Colombia: Security Council hears of ‘epidemic of violence’ against civil society and ex-combatants
While political actors in Colombia are uniting to confront COVID-19, they must also work together to fight “the epidemic of violence” against civil society leaders, human rights defenders and former combatants, the head of the UN mission in the country said on Tuesday during a Security Council meeting held by videoconference.
Carlos Ruiz Massieu reported that despite a national quarantine to avert the spread of the new coronavirus disease, this violence “continues unabated”, with six deaths reported in recent weeks.
“Just as Colombian actors are uniting to confront the pandemic, it is imperative for all actors to end the epidemic of violence against social leaders, human rights defenders and former combatants”, he said.
The on-going bloodshed is “one of the deepest wounds in our national conscience”, said David Santiago Cano Salazar, Colombian Ambassador for One Young World, who also addressed the Council.
He recently participated in a National Conversation, launched by President Iván Duque Márquez, during which youth leaders from rural areas revealed that they are afraid to speak up for their communities due to intimidation by illegal armed groups.
Priorities amid the pandemic
Ending this violence is fundamental for the functioning of mechanisms established under the 2016 UN-backed peace deal that ended five decades of fighting between Government forces and the rebel group known as FARC, Mr. Ruiz Massieu told the Council.
These mechanisms include the National Commission on Security Guarantees, which is designing public policy on dismantling illegal armed groups, and the National Protection Unit, which is reviewing more than 400 requests for close protection schemes.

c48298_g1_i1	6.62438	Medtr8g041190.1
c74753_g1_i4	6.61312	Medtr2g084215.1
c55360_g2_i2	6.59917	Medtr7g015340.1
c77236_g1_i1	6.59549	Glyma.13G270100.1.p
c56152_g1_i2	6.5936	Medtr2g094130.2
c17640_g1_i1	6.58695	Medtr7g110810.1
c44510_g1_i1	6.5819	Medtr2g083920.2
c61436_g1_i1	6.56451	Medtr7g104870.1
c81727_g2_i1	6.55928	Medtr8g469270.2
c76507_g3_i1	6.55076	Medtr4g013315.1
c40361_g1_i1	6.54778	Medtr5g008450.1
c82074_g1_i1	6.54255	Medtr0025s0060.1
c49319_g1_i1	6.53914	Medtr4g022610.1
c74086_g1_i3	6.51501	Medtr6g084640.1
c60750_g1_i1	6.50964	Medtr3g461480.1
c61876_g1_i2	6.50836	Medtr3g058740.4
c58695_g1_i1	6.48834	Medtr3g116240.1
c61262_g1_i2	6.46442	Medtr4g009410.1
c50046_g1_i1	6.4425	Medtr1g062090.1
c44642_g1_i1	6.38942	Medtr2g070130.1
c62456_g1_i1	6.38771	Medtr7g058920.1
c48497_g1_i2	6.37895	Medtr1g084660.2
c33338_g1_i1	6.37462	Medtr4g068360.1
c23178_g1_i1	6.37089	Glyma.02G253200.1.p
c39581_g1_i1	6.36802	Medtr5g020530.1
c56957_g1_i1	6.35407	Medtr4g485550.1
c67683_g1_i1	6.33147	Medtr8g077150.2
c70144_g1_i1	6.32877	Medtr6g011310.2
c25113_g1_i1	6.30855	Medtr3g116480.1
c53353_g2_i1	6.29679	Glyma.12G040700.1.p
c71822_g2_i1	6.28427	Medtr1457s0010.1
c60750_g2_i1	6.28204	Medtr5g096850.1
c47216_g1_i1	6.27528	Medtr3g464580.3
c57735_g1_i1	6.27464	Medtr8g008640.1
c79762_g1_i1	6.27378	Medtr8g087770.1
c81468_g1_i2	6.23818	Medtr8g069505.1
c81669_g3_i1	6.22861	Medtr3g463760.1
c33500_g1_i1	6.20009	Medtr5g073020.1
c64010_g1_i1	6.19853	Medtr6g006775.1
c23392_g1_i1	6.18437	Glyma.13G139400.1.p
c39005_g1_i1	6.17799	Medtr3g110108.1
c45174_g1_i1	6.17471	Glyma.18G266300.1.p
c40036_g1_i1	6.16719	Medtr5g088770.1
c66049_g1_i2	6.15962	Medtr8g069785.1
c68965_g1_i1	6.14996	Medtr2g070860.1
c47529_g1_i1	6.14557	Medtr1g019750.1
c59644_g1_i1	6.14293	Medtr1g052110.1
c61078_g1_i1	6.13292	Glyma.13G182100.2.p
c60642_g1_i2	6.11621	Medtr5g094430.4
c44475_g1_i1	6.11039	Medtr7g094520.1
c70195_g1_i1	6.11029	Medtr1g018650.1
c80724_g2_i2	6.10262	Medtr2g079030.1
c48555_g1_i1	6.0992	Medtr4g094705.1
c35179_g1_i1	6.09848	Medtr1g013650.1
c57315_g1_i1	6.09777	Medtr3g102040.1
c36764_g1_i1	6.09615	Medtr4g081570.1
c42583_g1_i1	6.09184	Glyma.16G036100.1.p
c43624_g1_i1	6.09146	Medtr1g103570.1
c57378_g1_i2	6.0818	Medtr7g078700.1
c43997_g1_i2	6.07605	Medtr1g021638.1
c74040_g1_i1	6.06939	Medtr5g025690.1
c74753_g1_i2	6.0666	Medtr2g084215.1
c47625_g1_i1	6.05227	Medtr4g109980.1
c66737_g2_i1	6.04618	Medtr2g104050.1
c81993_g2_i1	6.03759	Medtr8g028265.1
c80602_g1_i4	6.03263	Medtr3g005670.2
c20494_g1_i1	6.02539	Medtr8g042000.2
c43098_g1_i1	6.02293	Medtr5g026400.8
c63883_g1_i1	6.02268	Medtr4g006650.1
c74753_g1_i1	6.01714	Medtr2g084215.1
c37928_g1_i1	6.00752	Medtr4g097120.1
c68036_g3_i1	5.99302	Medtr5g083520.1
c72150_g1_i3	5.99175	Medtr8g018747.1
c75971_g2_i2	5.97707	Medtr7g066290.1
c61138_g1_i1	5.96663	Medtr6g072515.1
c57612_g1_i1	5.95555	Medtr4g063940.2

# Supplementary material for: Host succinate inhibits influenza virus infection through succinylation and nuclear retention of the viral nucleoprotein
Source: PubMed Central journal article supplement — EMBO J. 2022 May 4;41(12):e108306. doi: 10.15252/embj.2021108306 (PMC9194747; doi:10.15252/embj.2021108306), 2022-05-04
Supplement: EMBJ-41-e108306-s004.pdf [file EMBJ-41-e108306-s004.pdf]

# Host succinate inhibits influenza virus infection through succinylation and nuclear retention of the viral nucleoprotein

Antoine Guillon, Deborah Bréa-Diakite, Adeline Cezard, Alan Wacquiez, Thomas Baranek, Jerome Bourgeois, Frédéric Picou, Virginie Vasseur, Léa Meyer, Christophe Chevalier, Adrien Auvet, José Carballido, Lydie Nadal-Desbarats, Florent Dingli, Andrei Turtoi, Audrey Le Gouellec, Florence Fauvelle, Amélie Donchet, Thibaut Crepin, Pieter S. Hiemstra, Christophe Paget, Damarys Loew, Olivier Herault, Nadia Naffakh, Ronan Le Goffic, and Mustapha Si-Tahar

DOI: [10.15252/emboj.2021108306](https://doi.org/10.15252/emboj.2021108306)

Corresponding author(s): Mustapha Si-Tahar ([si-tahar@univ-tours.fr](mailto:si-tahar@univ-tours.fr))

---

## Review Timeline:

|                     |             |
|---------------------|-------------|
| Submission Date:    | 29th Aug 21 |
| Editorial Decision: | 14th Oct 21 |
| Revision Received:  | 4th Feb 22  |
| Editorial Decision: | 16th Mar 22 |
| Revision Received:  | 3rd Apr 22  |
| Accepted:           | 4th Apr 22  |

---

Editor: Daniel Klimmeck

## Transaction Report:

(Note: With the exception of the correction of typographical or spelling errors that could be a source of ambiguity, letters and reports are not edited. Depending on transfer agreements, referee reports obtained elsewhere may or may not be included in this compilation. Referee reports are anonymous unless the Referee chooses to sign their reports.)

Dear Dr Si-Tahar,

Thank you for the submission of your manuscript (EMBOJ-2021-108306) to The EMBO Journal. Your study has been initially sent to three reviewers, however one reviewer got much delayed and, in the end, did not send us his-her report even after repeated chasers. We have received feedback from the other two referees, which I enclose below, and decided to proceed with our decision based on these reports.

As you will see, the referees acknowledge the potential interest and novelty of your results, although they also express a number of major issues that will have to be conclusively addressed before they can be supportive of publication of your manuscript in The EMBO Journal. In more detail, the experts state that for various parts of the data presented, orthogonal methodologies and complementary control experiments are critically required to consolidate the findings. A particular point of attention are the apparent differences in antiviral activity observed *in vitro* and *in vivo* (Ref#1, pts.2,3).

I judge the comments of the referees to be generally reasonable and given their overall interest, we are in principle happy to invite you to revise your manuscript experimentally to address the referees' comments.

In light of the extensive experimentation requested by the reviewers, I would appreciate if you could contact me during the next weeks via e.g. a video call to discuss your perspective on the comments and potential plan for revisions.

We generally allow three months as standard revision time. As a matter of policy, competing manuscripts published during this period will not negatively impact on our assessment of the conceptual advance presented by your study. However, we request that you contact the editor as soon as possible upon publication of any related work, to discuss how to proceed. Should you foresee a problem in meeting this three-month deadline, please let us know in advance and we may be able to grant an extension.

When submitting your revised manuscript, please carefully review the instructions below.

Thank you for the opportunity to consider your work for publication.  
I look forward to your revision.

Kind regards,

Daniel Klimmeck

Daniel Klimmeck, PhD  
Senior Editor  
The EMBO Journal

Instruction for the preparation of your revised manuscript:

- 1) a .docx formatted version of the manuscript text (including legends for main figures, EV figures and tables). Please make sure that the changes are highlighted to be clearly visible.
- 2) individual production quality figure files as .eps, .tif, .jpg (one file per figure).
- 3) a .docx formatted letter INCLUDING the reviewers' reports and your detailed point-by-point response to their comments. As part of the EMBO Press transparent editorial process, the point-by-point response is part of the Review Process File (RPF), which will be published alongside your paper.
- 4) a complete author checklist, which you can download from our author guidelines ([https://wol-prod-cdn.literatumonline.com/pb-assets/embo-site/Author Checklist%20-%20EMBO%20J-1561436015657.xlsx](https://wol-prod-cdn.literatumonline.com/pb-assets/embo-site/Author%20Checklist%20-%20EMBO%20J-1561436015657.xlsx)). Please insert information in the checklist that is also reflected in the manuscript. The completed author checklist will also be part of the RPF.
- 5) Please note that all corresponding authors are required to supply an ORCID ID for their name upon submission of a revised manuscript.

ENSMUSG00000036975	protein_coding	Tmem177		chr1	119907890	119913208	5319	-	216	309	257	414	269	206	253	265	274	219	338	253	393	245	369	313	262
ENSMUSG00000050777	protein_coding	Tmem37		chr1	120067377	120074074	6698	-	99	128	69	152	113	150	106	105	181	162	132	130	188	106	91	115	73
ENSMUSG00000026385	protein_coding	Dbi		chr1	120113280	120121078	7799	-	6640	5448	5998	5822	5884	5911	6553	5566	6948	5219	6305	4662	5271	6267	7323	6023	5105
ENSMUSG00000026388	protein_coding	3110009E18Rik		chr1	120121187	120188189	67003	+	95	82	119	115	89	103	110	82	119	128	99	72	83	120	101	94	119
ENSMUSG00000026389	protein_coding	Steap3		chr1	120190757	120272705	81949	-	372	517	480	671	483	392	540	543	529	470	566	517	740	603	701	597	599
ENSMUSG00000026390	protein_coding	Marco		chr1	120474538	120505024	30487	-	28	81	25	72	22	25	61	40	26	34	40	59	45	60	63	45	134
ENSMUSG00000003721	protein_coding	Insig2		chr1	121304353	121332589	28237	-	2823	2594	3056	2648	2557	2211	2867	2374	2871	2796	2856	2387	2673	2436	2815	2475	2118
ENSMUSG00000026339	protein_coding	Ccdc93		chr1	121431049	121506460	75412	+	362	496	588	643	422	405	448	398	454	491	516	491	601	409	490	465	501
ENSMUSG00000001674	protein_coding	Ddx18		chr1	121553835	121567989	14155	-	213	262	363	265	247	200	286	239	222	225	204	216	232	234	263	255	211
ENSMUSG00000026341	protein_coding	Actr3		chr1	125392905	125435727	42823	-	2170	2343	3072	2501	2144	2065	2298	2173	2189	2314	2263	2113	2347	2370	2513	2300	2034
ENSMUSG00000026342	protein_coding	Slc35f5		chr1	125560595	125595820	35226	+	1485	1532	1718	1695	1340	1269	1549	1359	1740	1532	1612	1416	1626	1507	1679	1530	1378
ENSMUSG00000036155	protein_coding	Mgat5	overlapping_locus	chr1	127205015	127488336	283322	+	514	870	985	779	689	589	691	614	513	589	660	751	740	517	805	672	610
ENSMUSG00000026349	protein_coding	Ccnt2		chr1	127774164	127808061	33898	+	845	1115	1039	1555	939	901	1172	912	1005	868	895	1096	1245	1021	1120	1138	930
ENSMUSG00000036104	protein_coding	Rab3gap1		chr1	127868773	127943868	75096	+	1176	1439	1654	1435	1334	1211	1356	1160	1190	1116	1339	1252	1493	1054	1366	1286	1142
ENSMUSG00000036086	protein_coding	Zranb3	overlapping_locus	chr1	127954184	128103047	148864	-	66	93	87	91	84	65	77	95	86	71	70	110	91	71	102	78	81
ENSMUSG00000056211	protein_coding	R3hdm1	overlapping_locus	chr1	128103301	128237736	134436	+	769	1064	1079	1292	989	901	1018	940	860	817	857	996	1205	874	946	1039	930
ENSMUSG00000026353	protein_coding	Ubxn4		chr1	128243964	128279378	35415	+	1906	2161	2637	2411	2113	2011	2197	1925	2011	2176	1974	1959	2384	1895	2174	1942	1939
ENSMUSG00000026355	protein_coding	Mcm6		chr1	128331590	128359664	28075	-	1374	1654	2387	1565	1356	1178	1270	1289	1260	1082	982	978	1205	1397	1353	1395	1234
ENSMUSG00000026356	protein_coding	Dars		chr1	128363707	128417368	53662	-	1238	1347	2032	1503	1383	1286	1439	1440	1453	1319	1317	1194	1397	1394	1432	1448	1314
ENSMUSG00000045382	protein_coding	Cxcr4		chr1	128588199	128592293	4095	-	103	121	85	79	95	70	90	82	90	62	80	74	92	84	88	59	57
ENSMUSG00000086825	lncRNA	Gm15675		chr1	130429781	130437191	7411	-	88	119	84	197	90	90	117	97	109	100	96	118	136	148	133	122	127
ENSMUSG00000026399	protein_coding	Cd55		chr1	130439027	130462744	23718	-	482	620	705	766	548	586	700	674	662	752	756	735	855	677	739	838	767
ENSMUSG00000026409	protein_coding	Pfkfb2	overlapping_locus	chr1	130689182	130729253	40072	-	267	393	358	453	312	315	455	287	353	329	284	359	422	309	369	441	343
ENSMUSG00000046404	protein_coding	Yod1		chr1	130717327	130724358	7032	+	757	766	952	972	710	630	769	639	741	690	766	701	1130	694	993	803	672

It is also key to improving security for nearly 9,500 ex-combatants living outside former camps for demobilized fighters, known as Territorial Areas for Training and Reintegration (TATRs). Overall, 195 former fighters have been killed since the final peace agreement was signed in November 2016.
Strengthening processes that support the longer-term reintegration of former combatants is another priority.
“The consequences of the pandemic make it even more crucial to pay particular attention to former combatants living outside TATRs, as they have more precarious access to basic services like clean water and sanitation”, he said.
Additionally, communities, especially victims, must remain at the centre of peacebuilding efforts.
COVID-19 and peace deal implementation
The UN mission chief underlined the importance of moving forward with the full implementation of the Peace Agreement, which requires constant engagement by the parties.
Negotiations initially began in 2012 and the agreement was announced in August 2016. However, following a referendum which failed to ratify the deal, a final revised agreement was signed that November.
Mr. Ruiz Massieu said the quarantine and other restrictions brought about by the pandemic will undoubtedly pose challenges, but the parties and others involved in the crucial implementation are adapting to the situation. Colombians also are responding positively to calls for unity at this time.
“COVID-19 is and will continue affecting the implementation of the Peace Agreement and the Mission’s verification activities. However, we have a collective obligation to ensure progress in its implementation. Peace in Colombia cannot be, and should not be, a casualty of this pandemic”, he said.